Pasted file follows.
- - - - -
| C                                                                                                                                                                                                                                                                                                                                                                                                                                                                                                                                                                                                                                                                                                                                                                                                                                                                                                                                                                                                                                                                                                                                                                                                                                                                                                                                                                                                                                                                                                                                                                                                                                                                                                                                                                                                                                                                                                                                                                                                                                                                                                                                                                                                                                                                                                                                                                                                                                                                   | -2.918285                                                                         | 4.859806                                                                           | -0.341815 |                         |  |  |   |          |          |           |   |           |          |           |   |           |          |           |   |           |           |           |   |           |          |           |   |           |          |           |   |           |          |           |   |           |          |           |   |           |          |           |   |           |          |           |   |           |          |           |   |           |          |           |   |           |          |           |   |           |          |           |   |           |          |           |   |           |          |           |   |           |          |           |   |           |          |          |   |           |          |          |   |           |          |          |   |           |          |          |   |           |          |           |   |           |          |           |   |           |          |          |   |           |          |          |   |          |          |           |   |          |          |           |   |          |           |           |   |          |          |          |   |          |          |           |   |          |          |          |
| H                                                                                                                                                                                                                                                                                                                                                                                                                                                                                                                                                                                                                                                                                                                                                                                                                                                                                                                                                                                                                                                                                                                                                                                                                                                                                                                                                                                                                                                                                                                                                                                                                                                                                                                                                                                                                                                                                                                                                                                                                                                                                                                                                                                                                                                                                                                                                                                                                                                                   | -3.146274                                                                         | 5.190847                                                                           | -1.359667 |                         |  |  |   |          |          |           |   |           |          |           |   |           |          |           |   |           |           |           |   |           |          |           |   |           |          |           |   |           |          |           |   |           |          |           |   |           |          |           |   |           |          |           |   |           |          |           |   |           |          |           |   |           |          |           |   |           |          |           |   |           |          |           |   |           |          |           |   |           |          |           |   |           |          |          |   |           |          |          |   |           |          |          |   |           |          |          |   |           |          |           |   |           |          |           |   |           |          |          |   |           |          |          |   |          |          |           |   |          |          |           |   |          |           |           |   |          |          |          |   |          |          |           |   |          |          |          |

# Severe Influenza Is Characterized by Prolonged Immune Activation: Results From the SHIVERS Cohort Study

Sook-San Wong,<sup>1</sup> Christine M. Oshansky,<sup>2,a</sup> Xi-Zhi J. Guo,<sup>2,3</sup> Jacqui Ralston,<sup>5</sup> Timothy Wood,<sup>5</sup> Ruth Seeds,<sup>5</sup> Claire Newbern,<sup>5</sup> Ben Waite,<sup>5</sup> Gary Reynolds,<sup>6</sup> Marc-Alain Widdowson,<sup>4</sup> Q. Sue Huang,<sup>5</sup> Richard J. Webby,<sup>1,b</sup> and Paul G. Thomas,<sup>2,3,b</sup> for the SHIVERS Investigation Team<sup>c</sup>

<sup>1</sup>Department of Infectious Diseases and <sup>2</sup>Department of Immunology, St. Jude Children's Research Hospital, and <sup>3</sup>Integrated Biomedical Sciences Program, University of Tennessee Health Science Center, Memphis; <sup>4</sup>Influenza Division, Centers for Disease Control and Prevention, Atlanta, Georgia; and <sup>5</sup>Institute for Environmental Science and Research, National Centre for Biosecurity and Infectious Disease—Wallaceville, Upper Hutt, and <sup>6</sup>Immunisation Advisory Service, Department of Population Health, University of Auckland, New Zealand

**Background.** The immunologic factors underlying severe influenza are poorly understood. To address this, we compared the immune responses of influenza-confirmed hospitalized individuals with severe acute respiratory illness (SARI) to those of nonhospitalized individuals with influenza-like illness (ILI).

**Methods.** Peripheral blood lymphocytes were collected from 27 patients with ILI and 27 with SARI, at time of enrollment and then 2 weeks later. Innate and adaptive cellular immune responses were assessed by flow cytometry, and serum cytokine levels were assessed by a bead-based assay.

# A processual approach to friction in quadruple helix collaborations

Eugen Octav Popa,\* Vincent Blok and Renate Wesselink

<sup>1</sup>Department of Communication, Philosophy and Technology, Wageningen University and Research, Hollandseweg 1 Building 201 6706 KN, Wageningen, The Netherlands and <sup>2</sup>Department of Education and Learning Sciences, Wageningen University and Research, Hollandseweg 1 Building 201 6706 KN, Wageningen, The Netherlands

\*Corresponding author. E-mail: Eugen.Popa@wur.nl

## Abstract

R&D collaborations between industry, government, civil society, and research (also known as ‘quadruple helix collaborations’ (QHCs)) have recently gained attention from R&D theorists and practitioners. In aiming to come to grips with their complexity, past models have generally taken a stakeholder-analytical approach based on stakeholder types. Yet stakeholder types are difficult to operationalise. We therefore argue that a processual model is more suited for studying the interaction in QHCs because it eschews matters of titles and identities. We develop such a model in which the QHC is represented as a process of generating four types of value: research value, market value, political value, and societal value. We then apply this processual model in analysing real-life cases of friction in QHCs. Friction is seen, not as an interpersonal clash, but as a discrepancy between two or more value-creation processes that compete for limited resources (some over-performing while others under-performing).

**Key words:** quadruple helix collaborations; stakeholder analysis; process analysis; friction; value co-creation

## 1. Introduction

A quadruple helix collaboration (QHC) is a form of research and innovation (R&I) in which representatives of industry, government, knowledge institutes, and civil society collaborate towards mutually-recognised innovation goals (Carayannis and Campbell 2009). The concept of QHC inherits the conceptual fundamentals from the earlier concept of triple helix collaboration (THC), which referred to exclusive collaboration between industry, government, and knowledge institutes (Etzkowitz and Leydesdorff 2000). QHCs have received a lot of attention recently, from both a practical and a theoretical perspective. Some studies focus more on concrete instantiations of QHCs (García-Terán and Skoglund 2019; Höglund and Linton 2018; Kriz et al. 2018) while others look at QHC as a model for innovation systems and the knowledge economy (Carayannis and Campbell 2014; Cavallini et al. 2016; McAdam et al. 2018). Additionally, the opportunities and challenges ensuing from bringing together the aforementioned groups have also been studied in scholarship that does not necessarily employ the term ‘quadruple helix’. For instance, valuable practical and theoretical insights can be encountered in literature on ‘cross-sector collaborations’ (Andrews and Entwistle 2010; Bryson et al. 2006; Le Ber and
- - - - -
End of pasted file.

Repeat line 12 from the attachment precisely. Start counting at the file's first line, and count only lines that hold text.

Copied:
## Abstract